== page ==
Reporter: First, at the ministerial meeting on North Korea, both China and Russia requested in their speeches today that the United States ease the sanctions on North Korea on the grounds that North Korea’s denuclearization has made progress. How does Japan intend to address such opinions?

Minister Kono: The UN Security Council resolutions that have been adopted unanimously are still rigorously in force. We all share the same position that all countries including China and Russia would fully implement sanctions based on the resolutions. At my bilateral meeting with Mr. Wang Yi, the State Councilor stated that China would fully implement the sanctions. While the countries may have their own various views, at least as far as the actual situation is concerned, there are no differences in view among the UN member states that the UN Security Council resolutions must be fully implemented.

Reporter: I have a related question. You stated that at the foreign ministers’ meeting with Mr. Wang Yi of China, the two of you shared the view that both countries would strengthen measures against ship-to-ship transfers. Did Mr. Wang Yi not express his views regarding easing the UN Security Council sanctions?

Minister Kono: We have repeatedly exchanged views that China would steadily implement sanctions based on UN Security Council resolutions and that the denuclearization of the Korean Peninsula is a goal for China as well. With regard to sanctions, today, I stated that since the location of ship-to-ship transfers has shifted to China’s adjoining waters and we, including the Self-Defense Forces, cannot enter those waters, China must fully address the situation. We also shared the view that since China must address Chinese-flagged vessels conducting ship-to-ship transfers, we would share information and cooperate on ship-to-ship measures. The UN member states including China are in agreement on this point.

Reporter: I have a related question. Japan has repeatedly expressed concern over Chinese-flagged vessels that are conducting ship-to-ship transfers. Did the Chinese side provide any explanations about this or discuss how China would address this situation?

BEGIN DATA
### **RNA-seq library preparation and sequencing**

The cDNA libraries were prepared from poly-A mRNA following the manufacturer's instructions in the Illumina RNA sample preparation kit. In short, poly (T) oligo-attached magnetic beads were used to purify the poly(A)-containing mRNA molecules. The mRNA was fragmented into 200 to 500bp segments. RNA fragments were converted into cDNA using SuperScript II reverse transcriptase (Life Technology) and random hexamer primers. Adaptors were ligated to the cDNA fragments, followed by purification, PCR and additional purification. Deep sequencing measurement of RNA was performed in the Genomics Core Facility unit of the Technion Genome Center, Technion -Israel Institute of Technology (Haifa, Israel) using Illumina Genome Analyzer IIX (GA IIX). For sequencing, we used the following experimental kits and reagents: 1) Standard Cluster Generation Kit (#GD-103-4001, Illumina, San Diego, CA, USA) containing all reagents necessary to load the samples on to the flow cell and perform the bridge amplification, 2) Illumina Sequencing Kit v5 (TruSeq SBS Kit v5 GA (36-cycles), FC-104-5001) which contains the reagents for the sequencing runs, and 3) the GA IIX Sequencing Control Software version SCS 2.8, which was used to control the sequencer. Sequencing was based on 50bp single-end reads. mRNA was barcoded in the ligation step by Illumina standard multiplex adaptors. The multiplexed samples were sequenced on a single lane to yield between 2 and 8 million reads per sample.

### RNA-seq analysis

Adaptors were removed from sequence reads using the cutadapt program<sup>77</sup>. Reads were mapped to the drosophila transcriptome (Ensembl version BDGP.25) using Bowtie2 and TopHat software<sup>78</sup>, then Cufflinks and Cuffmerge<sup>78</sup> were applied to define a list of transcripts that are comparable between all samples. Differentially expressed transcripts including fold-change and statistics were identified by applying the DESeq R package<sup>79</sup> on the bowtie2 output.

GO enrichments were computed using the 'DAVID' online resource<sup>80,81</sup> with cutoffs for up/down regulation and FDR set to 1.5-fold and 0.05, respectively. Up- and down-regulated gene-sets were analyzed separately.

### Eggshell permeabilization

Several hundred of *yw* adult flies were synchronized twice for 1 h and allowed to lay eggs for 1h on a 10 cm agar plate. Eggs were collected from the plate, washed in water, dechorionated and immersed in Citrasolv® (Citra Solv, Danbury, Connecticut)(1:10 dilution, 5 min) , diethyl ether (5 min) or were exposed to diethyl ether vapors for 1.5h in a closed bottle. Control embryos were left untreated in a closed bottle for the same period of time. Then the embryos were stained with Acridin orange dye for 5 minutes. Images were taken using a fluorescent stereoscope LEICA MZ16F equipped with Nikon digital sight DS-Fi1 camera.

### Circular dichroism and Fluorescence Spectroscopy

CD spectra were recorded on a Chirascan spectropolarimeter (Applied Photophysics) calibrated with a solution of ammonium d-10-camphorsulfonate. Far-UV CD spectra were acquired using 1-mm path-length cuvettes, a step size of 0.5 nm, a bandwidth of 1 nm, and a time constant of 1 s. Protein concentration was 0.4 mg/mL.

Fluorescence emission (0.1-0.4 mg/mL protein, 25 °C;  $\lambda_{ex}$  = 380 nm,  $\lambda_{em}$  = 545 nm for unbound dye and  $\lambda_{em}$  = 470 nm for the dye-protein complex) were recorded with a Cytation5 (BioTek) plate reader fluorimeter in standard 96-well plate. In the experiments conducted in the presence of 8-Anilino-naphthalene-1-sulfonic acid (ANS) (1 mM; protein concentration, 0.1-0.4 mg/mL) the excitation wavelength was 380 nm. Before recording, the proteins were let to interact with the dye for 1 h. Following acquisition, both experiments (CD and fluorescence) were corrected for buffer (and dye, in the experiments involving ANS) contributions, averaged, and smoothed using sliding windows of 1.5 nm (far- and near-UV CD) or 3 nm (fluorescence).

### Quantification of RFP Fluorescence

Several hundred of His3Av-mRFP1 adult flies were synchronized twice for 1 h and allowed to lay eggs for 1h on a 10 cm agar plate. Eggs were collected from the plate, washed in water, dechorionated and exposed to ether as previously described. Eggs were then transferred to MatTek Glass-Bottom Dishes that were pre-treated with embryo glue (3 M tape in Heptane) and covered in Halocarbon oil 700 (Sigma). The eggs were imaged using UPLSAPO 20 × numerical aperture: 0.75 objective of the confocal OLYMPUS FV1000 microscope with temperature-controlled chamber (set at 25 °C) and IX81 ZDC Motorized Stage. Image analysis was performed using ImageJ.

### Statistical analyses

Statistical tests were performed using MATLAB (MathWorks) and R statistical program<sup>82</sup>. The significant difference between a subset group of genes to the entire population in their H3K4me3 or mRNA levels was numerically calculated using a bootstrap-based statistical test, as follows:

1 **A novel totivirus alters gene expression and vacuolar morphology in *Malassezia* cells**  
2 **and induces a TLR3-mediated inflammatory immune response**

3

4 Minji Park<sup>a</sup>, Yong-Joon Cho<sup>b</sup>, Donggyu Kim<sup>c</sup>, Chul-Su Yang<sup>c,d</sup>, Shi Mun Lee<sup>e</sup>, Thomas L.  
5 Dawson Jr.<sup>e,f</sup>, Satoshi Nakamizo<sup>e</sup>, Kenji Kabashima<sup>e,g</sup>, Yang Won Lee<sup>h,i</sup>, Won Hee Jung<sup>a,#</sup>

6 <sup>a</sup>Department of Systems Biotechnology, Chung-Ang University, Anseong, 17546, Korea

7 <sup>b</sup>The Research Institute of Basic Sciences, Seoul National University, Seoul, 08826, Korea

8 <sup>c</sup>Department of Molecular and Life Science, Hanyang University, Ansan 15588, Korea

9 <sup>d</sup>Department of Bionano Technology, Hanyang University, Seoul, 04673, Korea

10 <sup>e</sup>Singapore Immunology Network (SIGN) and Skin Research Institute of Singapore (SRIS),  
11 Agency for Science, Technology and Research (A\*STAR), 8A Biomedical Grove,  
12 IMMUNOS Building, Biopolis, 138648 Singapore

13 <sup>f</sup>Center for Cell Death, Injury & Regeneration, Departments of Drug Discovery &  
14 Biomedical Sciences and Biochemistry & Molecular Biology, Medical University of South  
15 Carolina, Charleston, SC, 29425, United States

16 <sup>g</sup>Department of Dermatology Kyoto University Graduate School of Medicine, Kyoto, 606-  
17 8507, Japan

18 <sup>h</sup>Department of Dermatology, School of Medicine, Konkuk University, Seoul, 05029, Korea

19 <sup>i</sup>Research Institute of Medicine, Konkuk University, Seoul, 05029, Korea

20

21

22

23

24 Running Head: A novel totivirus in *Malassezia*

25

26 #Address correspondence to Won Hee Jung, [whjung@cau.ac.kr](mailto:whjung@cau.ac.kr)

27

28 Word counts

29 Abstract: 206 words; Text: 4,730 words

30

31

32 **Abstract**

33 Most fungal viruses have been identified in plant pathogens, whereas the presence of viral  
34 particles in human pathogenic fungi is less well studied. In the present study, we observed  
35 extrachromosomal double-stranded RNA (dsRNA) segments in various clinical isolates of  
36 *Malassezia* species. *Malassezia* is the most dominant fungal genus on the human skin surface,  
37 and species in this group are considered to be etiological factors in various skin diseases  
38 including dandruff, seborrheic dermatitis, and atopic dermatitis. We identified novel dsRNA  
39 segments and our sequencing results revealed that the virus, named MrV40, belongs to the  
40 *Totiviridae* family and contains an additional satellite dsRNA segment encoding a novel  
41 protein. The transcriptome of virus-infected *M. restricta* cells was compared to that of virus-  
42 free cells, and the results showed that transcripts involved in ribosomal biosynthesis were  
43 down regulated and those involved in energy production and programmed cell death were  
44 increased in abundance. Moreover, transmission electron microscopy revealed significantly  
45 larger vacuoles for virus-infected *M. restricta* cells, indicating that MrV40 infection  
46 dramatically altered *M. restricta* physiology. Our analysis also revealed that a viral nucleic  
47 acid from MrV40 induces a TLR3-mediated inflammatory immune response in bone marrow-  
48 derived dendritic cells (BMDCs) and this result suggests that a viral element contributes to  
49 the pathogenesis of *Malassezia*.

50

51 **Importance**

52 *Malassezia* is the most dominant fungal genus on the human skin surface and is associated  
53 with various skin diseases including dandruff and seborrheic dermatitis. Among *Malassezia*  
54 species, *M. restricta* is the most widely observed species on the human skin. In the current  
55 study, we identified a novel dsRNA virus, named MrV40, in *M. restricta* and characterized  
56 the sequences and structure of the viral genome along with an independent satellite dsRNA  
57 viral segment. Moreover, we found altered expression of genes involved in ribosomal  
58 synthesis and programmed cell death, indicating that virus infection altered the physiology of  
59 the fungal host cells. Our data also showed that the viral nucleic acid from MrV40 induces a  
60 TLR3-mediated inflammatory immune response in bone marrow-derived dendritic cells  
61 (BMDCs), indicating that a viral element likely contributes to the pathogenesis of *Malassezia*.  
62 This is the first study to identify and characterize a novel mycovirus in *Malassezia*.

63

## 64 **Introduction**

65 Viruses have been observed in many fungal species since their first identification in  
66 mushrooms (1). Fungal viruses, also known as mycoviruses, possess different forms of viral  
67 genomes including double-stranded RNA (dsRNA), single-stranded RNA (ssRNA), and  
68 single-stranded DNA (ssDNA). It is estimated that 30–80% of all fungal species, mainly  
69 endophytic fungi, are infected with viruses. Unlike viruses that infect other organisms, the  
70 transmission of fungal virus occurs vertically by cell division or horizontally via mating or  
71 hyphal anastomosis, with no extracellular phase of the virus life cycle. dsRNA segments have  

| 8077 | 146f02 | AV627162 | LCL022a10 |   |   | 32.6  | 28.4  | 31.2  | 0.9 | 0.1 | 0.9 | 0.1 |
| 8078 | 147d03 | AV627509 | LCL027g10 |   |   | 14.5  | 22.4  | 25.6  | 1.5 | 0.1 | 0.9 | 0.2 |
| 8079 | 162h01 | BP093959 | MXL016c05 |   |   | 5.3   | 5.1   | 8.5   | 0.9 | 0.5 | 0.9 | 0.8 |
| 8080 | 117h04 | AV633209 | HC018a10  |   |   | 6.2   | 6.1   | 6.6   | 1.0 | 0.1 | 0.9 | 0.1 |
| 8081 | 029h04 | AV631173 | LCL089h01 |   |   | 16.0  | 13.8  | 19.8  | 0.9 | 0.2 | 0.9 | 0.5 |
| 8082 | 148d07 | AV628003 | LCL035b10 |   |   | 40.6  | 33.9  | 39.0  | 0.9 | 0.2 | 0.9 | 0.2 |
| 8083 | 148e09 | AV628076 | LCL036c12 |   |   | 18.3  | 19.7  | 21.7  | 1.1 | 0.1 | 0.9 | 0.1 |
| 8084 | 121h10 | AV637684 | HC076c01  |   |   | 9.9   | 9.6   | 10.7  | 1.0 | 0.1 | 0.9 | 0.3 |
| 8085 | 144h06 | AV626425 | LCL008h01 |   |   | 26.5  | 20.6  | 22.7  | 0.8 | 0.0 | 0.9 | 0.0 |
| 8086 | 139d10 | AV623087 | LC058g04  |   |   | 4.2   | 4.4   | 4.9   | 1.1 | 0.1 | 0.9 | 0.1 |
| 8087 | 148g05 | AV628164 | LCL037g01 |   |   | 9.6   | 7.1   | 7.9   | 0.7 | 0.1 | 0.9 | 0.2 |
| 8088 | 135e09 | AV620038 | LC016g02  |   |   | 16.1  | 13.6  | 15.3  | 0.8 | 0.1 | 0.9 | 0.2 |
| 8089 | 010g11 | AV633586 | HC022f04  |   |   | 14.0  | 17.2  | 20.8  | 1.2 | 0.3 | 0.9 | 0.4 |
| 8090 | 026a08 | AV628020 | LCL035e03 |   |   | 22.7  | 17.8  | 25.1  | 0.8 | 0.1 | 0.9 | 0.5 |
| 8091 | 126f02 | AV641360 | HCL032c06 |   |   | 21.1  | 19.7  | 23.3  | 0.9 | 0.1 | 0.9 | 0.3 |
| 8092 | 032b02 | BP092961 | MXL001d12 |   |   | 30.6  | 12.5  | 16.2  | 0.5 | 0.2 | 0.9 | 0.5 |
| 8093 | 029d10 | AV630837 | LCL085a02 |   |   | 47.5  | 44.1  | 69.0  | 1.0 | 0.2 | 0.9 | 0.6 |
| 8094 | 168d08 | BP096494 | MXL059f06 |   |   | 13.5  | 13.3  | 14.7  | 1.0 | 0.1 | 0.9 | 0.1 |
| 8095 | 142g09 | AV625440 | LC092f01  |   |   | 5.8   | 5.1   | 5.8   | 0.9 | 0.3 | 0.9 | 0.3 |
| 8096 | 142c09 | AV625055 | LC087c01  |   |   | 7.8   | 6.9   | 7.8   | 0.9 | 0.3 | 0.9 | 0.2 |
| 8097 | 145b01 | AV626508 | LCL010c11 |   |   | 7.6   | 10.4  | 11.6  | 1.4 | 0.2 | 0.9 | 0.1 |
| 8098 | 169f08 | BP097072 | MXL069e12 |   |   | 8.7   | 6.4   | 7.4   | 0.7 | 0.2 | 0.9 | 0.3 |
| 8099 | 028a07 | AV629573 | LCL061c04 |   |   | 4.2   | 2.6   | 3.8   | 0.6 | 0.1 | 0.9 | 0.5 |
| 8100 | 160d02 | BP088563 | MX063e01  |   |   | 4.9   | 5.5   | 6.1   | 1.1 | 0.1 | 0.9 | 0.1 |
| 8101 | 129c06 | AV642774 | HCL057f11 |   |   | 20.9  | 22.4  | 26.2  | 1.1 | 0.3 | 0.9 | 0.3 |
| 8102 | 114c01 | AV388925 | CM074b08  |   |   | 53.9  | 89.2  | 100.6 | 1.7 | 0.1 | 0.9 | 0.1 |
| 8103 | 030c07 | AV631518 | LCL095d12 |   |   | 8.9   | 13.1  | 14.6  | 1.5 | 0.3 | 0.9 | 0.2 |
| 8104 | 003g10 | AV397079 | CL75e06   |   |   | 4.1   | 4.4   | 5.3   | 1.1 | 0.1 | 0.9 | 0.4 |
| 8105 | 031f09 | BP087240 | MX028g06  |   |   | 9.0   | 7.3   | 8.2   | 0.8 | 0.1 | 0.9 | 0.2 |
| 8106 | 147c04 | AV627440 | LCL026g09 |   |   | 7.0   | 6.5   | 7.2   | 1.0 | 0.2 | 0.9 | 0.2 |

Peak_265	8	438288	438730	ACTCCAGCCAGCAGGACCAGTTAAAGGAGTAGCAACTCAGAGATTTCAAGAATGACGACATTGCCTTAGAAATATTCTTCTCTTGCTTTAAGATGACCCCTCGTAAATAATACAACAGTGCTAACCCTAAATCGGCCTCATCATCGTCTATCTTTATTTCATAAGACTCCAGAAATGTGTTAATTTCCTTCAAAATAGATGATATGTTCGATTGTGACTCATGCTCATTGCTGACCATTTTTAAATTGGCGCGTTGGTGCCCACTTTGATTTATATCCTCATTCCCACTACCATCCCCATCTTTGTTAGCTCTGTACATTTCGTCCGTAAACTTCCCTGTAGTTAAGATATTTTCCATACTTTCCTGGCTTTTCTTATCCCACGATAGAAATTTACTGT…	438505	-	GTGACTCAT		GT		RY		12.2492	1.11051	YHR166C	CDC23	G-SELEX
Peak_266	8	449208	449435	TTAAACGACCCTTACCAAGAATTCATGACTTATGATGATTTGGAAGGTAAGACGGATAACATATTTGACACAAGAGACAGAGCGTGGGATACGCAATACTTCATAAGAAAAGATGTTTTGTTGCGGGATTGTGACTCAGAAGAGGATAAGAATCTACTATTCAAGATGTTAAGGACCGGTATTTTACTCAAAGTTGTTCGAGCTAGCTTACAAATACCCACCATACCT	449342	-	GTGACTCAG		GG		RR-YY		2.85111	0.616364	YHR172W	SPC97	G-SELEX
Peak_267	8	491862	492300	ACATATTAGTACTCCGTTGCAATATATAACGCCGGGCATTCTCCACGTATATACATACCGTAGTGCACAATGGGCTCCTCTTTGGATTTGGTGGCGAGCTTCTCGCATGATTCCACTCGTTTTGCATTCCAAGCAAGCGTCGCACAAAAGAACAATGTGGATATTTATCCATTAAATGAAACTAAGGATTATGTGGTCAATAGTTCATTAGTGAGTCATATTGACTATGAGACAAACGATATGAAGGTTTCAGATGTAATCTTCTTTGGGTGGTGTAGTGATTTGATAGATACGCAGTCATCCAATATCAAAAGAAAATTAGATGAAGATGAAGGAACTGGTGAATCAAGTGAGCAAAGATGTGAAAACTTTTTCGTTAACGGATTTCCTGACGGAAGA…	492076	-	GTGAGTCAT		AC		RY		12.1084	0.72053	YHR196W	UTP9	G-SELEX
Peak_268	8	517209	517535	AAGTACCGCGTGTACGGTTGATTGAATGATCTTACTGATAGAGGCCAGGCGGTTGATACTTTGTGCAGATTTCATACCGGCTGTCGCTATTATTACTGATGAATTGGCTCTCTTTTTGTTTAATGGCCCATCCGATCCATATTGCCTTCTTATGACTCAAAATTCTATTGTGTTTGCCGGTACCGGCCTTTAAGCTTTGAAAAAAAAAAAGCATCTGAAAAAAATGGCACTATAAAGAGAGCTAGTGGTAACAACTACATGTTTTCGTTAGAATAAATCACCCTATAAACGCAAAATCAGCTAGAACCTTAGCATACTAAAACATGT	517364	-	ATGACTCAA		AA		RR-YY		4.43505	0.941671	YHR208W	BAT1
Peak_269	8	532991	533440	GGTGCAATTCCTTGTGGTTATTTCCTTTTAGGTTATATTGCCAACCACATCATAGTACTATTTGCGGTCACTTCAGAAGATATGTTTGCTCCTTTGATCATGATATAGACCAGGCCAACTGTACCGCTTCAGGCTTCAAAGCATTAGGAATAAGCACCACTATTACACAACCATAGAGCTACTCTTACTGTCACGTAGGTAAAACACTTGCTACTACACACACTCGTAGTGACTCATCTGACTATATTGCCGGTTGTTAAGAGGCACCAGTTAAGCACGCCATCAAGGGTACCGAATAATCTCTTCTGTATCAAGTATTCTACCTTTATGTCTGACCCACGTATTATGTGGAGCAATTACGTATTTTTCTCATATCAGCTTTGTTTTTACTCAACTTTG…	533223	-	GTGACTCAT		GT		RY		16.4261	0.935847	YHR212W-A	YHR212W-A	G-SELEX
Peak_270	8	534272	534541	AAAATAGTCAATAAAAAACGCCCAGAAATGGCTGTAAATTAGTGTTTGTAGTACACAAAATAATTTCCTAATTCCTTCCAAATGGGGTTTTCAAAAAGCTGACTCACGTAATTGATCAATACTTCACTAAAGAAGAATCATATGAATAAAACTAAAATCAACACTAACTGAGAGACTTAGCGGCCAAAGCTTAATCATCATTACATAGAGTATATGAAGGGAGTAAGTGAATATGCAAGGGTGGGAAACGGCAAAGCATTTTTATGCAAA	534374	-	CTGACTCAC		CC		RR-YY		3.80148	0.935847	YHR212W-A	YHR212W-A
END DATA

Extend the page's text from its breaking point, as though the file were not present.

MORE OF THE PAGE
Minister Kono: The State Councilor stated that China would address the situation fully and rigorously. We will ensure that information sharing is conducted.

Reporter: I would like to ask a question regarding UNRWA. Japan co-chaired the UNRWA meeting for the first time. Japan announced new assistance of US$4.5 million, and other countries also announced assistance. Could you once again explain the significance of today’s meeting and the role for Japan going forward?

Minister Kono: It is true that UNRWA is in financially difficult circumstances. If, for example, UNRWA is no longer able to operate schools, the young people at the refugee camps would no longer have anything to do and could end up on the streets. It is vital to sustain the activities of UNRWA. Today, various countries including Kuwait made large pledges, making this meeting worthwhile. That said, in order to keep implementing UNRWA’s activities next year and beyond, UNRWA needs to maintain fiscal soundness with a plan for at least the next three years or so. In that sense, we cannot let ourselves be satisfied with today’s meeting. Japan will continue to coordinate views among the relevant countries regarding the plan for at least the next three years.

Reporter: Does that mean that the long-term was not discussed at today’s meeting?

Minister Kono: A number of countries commented that multi-year commitments must be made. We were able to come to mutual understanding that the issue was not what to do for the rest of this year but that UNRWA would be supported over the next few years, and I was very pleased that this was endorsed by quite a number of countries.

Reporter: Minister Kono, you mentioned earlier that based on your achievements over the past year you intend to continue to demonstrate Japan’s diplomatic presence. Prime Minister Abe has stated that he would reshuffle the Cabinet on October 2 of next week. How should we interpret your comments against this background? Secondly, have you received any instructions from the Prime Minister?

Minister Kono: I have not received any instructions from the Prime Minister. Regardless of who becomes Foreign Minister, Japan must continue to engage in diplomatic activities, and Japan today is capable of this. Given that Japan does not engage in any military activities and that Japanese ODA has been decreasing due to financial difficulties, there is a greater need than ever for the Japanese Foreign Minister to take the lead in demonstrating Japan’s diplomatic presence. No matter who becomes Foreign Minister, it is important that the Foreign Minister continues to engage in firm activities. I believe the Ministry of Foreign Affairs will provide full backup under its current structure.

Reporter: Minister Kono, I would like to return to the Japan-China Foreign Ministers’ Meeting. I understand that today’s meeting was held in the context of the Prime Minister’s upcoming visit to China. What did the two of you discuss regarding the Prime Minister’s visit to China?

Minister Kono: We discussed in detail that various preparations would be made for the Prime Minister’s visit to China and that the two countries would advance such cooperation in a forward-looking manner. The final arrangements will be made at the working level. Substantial time was spent discussing the Prime Minister’s visit to China.

Reporter: Have the dates of the Prime Minister’s visit to China been decided?

Minister Kono: The dates will be finalized at the working level.